Expansion into other markets: With a global customer base, Helia have had the opportunity to explore a variety of different markets, expanding into areas such as polishing and coating of solid state media such as ruby, Nd:YAG, BBO and PPLN developing high laser damage threshold resistant coating for these applications. They have also moved into some niche free space optics and some quite complicated filters for a variety of applications. Then came work on silicon photonics and photonic integrated circuits.
Scarcity of talent: For Caspar, finding people with the right skills is a big headache. As a visiting professor at a local university, he tries to encourage young students to go into laser physics, but it’s proved difficult. Similarly, Helia was one of the founding members of Technology Scotland, principally with the desire for new talent and which has since aimed to address the skill shortage issue on a national infrastructure basis.
Development of Helia products: Peaks and troughs in demand from customers create scheduling problems and difficulties in managing internal resources. For this reason, Helia are slowly developing their own products, not to compete with their customers, but to have products that can remain on the shelf and be sold as needed.
Development new optical coating techniques: Optical coating technologies are always evolving. Helia build all their own deposition systems so have great flexibility in integrating new techniques as they become useful. Currently Helia are building a microwave assisted Electron Cyclotron Resonance (ECR) tool for high performance UV coatings and recently a high-energy Plasma Ion Assisted Deposition (PIAD) tool for 8” wafers which grows near-bulk materials. New techniques require ever more precise characterisation and Helia collaborates closely with the University of the West of Scotland, the University of Strathclyde and Glasgow University for access to new methods of analysis.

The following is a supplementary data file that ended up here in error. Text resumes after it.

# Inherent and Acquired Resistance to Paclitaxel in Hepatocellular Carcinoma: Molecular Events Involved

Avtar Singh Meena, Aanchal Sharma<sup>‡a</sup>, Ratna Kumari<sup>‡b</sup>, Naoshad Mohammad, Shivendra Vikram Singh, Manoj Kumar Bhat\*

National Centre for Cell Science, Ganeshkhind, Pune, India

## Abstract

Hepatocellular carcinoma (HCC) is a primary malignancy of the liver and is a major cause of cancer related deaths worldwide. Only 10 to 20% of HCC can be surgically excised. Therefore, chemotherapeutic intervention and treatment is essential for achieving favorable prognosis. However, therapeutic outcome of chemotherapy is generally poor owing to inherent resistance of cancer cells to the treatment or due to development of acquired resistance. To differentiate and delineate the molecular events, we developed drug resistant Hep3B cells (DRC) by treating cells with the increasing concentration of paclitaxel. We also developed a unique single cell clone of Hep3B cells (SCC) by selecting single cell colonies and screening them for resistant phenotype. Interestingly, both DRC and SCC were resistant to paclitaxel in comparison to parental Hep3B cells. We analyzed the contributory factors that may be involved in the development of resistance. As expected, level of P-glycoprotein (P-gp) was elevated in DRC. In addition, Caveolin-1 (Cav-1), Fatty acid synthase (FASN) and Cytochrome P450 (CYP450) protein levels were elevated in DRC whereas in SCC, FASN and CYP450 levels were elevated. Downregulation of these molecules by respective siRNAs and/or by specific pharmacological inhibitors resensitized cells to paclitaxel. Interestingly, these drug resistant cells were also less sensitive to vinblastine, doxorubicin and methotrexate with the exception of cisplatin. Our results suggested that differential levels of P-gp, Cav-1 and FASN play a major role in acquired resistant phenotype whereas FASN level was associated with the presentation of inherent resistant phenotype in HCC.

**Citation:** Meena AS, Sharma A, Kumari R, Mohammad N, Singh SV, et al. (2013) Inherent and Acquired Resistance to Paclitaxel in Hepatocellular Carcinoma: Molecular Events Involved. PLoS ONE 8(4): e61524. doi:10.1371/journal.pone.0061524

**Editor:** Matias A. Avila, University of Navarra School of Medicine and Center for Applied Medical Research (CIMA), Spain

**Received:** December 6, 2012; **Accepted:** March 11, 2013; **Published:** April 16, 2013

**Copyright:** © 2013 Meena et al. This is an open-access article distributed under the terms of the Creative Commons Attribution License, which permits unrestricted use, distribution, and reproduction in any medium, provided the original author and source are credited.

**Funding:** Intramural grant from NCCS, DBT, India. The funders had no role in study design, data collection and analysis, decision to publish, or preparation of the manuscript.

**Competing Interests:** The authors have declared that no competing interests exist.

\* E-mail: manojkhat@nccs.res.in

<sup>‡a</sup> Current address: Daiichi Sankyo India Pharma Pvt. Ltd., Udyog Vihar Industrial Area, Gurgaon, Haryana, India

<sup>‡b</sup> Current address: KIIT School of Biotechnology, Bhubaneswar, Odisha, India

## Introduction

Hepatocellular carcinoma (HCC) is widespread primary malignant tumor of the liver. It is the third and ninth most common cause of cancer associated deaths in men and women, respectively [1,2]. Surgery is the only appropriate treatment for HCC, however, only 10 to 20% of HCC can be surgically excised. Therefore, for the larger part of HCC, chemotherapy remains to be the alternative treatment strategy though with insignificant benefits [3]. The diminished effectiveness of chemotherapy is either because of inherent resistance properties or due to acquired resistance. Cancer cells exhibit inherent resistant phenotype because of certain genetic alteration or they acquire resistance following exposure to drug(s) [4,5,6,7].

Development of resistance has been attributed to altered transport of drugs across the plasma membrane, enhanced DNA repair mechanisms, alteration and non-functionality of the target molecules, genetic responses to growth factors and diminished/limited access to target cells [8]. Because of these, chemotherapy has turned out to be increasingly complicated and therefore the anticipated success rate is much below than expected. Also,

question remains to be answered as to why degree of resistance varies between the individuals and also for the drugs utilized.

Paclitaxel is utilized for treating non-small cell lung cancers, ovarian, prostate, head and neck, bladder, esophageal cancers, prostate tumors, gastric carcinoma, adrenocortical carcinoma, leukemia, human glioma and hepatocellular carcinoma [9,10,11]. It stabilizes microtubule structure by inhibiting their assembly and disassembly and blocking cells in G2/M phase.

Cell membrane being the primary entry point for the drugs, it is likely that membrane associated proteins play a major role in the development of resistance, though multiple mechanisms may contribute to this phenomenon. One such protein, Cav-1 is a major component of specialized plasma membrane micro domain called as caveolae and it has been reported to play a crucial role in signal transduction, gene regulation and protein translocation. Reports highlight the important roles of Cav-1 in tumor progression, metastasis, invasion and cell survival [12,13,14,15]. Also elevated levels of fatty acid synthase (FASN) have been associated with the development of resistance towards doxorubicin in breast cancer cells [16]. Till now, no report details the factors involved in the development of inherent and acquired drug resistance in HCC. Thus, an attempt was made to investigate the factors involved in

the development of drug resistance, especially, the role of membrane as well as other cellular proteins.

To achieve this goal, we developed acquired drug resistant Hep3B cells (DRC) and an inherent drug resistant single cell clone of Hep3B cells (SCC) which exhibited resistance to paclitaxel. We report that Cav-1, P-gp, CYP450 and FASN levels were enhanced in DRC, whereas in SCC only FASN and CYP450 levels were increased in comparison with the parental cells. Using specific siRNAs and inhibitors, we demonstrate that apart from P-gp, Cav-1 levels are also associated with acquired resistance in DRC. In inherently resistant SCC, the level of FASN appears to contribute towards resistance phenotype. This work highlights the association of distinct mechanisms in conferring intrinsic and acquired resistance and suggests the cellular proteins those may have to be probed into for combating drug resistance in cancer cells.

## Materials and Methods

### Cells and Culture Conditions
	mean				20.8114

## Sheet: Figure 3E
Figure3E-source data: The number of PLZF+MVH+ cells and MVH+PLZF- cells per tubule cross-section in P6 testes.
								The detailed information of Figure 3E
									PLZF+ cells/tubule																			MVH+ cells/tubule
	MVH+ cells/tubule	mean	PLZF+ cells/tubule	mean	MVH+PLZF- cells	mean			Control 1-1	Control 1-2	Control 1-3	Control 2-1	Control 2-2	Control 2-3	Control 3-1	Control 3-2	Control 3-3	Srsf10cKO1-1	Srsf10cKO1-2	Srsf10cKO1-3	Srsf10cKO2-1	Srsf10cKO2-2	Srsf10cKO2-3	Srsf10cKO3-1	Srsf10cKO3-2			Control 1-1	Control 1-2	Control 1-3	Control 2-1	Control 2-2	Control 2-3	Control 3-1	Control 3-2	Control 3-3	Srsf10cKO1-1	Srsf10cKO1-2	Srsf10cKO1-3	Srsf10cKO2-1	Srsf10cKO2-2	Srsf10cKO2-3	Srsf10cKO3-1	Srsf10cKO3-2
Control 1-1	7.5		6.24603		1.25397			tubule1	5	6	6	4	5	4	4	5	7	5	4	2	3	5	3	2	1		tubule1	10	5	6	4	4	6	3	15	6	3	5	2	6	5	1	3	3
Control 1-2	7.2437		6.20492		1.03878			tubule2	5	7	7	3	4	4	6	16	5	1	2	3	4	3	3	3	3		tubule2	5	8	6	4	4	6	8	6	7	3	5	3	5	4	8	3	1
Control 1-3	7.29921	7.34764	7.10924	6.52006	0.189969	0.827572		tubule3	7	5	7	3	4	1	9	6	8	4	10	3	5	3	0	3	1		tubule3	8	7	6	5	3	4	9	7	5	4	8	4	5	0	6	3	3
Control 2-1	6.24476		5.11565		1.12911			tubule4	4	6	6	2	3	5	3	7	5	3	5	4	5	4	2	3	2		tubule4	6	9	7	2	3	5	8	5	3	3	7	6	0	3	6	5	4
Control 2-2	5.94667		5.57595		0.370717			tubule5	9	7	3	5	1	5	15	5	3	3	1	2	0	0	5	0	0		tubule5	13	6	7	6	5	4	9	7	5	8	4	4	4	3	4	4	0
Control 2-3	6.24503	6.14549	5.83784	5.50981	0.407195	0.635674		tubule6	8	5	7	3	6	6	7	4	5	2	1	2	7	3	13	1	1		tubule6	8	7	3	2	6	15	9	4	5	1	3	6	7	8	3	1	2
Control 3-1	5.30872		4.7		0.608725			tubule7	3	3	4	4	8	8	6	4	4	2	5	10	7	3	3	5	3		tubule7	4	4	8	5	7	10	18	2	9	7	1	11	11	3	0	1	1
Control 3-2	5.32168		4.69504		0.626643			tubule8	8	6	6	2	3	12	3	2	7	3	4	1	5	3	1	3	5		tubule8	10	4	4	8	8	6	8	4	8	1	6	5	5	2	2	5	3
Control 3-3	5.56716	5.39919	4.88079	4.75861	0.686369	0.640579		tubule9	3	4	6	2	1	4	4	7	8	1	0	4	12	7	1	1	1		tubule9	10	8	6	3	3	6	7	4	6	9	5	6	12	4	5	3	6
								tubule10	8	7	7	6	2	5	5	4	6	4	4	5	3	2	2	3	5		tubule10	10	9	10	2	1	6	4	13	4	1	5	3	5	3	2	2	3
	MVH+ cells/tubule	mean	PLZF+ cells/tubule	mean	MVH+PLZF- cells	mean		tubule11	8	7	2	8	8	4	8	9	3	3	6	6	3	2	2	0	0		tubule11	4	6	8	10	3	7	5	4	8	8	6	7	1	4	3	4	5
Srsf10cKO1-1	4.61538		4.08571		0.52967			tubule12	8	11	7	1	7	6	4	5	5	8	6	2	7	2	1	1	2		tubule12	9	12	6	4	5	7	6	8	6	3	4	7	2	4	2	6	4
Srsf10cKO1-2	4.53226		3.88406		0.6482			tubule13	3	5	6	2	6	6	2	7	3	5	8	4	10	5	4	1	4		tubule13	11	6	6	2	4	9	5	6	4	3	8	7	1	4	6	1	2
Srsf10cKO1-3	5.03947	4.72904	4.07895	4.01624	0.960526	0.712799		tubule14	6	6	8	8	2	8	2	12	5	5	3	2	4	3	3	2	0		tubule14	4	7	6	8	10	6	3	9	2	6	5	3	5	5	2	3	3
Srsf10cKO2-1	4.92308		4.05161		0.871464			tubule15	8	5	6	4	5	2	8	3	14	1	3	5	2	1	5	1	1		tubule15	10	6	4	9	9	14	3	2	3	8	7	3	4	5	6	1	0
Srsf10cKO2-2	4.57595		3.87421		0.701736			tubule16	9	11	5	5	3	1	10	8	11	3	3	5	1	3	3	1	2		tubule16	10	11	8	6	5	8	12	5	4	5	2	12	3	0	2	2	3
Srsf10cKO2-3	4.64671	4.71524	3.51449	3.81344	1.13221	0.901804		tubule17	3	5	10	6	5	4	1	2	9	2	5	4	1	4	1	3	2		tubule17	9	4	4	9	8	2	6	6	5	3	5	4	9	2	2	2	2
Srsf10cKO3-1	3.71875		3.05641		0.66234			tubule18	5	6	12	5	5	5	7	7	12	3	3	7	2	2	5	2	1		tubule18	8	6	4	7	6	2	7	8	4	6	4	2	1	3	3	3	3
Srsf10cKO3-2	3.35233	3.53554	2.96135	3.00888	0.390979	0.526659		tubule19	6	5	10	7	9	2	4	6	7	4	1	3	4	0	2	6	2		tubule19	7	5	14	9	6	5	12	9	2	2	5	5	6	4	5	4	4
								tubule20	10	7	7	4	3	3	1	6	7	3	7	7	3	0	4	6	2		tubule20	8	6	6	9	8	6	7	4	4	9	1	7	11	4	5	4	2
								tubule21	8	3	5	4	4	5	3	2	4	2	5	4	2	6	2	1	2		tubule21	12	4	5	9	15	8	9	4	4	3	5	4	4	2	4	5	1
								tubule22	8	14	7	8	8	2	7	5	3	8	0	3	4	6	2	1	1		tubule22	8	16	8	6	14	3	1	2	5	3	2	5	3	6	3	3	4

Markets: Helia will continue to focus on key markets that require a lot of reliability and qualification and a wide range of wavelengths and coating materials. Helia’s key strength is their flexibility between different wavelengths, anything from 170 nanometres in the UV up to 30 microns in the far infrared and the 130+ different coating materials that they have available to cover those wavelength ranges.
If you started again, what would you do differently?
“I’d join EPIC earlier as EPIC has been a really key organisation for us”.
“I think we’d also invest more heavily in automation and robotics earlier on. It's something that we do now, but it's something that there wasn't really an appetite to do earlier in the company's history”.
“We were running some processes at a loss for several years, which is an important mistake for a company to make. To avoid this, I’d spend more time reviewing the costs behind processes, to better understand their real cost”.
What words of wisdom do you have for the next generation of entrepreneurs?
“First, go to a large multinational corporation where you’ll get excellent training and unparalleled experience: You’ll have to give a lot, but you’ll get a lot back in return. In particular, you’ll meet incredible people who will become part of your future network”.
“Second, chose the right type of investors. In my experience, things can go very wrong. Make sure the investor is appropriate for the expected lifetime of your product or service. Have a jointly agreed exit strategy and be aware of their expectations in relation to return on investment, in terms of timescale, capital and growth. Try to find investors who are genuinely interested in your company and in your technology and not just in the money”.
“Third, be very prepared not to sleep. Certainly, in the first year of Helia, I didn't take a day off and I was in every weekend and regularly worked over 24-hour shifts. It can be very exhausting and depressing, but don't give up”.
“Finally, hard work and opportunity can make you a CEO, but it’s your team that keeps you there”.
Written by Jose Pozo, Director of Technology and Innovation at EPIC (European Photonics Industry Consortium)